Cops are citizens. A citizen who did that would hang. Buy rope. Arrest and proceed to trial. Use rope if found guilty. If I shot a guy in the back eight times, I would be in some serious trouble.

  4. Norm Ivey

    Shot him in the back as he was running away from the cop. There ought be some sort of psychological test they can give officers to weed out these types. Despicable.

  5. M.Prince

    The story is making the rounds of the international press as well (as a top item):

    Le Monde: Etats-Unis : un policier blanc abat un homme noir de huit balles dans le dos

    Frankfurter Allgemeine: Acht Schüsse in den Rücken

    El País: Acusado de asesinato un policía tras matar a tiros a un negro desarmado

    Corriere della sera: Usa, agente bianco spara e uccide un afroamericano

  6. Lynn Teague

    One aspect that is drawing attention, with good reason, is that the police chief immediately gave out the officer’s version of events as if it was established fact. Only the video prevented this from becoming the official account. Further, news account say that it was claimed falsely that officers provided CPR until help arrived. What is being done about other officers (backup arrived promptly, as shown in the video) who might have helped attempt to cover up this murder by lying to superiors about this?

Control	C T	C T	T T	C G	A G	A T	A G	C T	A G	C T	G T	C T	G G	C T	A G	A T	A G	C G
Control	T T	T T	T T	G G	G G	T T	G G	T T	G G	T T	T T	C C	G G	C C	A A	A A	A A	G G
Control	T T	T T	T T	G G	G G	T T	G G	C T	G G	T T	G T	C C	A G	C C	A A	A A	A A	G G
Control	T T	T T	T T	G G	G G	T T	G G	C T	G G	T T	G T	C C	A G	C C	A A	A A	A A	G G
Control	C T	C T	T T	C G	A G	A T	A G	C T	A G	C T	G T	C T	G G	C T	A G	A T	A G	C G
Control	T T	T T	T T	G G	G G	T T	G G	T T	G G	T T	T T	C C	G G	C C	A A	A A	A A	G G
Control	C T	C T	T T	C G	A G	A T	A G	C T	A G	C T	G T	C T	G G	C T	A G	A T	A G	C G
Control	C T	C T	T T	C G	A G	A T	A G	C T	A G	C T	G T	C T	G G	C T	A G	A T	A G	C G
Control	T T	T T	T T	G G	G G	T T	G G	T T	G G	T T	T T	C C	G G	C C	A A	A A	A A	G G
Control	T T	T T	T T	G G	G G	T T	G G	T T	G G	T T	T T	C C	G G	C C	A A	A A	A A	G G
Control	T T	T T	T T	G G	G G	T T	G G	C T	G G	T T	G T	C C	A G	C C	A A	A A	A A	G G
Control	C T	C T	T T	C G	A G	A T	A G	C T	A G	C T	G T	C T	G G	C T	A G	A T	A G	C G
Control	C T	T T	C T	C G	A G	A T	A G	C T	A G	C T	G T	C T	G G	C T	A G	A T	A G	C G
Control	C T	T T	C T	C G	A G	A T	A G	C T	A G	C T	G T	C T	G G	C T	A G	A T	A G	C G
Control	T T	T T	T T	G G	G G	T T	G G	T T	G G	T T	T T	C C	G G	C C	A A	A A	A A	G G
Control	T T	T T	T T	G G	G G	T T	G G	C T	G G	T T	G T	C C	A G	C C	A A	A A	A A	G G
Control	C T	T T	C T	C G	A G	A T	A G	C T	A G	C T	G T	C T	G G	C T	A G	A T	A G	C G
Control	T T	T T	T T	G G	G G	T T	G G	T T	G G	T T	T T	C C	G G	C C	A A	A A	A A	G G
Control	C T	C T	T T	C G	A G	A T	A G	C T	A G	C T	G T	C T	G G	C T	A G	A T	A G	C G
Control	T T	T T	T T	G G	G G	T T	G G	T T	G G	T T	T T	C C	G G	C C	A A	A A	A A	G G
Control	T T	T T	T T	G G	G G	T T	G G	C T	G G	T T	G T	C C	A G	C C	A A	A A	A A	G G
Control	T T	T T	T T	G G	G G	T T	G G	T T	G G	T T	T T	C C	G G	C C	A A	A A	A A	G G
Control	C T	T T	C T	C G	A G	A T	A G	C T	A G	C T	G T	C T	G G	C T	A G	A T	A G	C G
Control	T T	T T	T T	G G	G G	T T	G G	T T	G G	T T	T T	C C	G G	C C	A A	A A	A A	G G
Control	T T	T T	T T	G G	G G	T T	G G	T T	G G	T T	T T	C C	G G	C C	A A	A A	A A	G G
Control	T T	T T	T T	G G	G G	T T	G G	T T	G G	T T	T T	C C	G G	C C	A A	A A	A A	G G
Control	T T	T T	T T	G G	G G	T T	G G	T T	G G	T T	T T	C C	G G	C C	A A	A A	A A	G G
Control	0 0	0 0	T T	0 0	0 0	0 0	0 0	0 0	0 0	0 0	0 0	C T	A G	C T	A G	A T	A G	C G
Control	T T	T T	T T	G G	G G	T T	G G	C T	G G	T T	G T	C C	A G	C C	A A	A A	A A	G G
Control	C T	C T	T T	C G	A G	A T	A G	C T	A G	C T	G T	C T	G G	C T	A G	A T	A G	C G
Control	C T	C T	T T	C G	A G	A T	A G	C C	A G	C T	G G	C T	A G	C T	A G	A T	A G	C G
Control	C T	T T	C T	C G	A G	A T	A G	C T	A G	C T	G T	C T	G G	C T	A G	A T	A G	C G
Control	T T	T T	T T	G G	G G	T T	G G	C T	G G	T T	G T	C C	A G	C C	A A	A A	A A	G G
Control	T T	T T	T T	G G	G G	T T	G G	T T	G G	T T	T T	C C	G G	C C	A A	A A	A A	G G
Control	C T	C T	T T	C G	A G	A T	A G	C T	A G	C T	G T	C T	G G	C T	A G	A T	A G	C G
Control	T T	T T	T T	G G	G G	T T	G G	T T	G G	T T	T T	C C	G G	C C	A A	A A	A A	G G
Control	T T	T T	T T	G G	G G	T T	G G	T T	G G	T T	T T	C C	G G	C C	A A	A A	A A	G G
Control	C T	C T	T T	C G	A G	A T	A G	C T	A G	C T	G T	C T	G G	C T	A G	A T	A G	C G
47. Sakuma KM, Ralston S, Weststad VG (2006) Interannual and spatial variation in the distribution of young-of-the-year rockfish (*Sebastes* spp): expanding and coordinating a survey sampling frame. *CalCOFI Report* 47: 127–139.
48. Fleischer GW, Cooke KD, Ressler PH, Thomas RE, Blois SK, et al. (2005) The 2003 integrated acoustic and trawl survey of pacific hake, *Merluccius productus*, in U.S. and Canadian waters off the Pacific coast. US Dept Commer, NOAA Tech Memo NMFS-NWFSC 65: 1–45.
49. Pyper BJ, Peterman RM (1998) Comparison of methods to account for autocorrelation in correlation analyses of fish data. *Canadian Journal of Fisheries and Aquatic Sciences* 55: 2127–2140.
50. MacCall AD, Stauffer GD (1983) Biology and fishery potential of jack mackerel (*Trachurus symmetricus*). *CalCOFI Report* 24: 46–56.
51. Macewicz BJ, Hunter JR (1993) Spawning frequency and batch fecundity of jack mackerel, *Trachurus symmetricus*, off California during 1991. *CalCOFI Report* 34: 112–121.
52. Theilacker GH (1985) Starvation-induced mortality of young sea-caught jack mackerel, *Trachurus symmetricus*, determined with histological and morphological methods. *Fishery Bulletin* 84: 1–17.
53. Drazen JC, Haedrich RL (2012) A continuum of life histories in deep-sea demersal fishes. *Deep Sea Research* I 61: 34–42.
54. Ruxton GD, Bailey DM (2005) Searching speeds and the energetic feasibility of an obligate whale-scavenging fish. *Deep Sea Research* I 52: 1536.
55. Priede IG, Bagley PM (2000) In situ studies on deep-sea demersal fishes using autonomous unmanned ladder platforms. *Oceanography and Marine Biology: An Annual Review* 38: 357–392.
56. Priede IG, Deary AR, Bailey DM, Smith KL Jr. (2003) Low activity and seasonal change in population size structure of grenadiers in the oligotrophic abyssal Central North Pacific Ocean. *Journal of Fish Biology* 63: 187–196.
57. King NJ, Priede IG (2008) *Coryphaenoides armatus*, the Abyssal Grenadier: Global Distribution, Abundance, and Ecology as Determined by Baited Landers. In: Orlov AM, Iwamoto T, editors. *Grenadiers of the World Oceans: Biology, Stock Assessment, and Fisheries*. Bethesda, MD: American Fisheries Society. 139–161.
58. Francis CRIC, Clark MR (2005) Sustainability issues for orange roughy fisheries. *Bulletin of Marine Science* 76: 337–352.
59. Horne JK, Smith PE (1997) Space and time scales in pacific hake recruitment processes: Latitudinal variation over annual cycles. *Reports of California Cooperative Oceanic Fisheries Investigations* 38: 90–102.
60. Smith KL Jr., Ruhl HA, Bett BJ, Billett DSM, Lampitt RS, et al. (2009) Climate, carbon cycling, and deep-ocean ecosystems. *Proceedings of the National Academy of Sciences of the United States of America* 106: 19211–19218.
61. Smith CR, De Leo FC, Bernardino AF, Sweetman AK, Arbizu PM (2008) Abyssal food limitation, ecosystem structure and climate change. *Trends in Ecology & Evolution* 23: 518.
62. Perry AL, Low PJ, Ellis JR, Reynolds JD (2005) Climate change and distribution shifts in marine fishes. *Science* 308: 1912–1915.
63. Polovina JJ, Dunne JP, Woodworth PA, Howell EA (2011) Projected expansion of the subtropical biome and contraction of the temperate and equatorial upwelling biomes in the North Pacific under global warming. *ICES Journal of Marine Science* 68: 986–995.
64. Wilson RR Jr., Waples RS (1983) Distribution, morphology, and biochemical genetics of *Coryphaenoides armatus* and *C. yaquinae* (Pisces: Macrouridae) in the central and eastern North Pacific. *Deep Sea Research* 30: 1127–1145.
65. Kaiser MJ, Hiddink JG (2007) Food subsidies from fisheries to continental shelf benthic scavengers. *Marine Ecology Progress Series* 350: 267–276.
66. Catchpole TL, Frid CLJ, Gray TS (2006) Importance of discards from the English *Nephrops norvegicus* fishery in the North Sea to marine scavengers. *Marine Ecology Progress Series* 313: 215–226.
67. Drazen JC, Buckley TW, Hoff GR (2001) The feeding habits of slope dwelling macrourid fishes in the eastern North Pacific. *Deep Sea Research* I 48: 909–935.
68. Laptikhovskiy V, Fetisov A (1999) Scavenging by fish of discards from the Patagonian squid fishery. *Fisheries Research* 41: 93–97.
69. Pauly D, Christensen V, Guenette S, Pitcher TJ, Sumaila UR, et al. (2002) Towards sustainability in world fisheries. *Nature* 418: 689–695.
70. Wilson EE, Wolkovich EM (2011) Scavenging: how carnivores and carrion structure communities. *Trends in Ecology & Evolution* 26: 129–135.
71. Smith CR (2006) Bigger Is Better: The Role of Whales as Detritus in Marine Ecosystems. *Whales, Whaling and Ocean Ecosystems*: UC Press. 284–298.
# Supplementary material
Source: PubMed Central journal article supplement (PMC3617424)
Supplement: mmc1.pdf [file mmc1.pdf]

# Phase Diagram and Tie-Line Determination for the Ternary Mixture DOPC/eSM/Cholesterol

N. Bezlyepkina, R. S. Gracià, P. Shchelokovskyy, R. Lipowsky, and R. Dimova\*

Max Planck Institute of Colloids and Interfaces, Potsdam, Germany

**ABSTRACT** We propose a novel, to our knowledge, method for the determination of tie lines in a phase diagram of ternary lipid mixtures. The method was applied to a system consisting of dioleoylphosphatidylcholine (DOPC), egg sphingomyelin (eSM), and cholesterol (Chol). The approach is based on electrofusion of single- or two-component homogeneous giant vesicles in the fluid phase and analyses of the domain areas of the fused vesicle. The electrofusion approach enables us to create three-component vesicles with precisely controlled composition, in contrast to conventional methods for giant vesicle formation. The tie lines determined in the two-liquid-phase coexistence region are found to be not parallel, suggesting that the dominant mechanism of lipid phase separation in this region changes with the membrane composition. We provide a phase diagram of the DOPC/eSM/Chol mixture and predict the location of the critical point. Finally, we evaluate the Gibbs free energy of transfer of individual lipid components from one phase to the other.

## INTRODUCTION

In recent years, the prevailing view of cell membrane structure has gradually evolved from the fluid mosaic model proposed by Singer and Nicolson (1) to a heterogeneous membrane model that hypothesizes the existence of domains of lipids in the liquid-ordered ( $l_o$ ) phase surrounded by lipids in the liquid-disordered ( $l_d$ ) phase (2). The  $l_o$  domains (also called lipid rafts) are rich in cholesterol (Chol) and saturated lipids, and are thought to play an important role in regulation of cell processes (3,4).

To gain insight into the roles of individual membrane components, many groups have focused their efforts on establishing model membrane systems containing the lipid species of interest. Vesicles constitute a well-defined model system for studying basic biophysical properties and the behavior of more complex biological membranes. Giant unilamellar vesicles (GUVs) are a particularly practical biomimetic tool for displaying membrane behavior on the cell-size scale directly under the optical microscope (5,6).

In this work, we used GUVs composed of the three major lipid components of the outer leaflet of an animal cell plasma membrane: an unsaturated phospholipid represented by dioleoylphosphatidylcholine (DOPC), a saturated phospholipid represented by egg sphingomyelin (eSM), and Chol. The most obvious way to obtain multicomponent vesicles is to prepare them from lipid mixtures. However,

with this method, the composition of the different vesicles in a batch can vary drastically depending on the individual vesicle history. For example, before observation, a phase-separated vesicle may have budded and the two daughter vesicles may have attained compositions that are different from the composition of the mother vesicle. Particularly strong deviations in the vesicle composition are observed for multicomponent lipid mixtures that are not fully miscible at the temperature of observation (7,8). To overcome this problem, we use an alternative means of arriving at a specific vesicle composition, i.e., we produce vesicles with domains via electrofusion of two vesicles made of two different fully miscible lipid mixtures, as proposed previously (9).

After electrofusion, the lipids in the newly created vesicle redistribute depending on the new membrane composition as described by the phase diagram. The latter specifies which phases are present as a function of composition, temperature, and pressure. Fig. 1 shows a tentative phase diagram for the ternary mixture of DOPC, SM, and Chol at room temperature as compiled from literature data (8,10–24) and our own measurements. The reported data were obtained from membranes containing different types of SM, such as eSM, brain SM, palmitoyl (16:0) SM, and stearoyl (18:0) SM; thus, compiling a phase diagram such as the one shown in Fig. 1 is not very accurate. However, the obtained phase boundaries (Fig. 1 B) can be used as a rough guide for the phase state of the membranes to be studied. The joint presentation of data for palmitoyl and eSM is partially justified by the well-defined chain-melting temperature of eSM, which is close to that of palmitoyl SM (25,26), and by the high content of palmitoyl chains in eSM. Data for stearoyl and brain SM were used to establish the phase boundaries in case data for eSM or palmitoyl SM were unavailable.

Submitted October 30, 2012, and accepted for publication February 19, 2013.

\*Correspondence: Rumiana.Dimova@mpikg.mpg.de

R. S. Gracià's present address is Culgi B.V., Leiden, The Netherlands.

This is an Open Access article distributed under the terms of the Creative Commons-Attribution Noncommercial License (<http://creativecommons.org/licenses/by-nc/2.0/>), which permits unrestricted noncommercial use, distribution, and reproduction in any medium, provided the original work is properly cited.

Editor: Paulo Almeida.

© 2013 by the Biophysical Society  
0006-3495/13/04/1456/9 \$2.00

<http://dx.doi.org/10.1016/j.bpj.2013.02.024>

This brings to mind Sheriff Lott’s extremely unfortunate decision to undertake investigation of officer-involved shootings in-house. That is simply unacceptable. It is extremely hard to be objective under these circumstances. Even if superiors manage to be totally objective, the potential for creating inflammatory situations and mistrust that hurt the community far outweighs any supposed advantages.

    1. M.Prince

      The modern see-something-record-something era has pulled back the curtain to reveal things that have been happening all along but we just never got to see — or chose not to believe.

        1. M.Prince

          It’s never better to be cynical. Skeptical, yes, when and where warranted. But cynical, no.

            1. Kathryn Fenner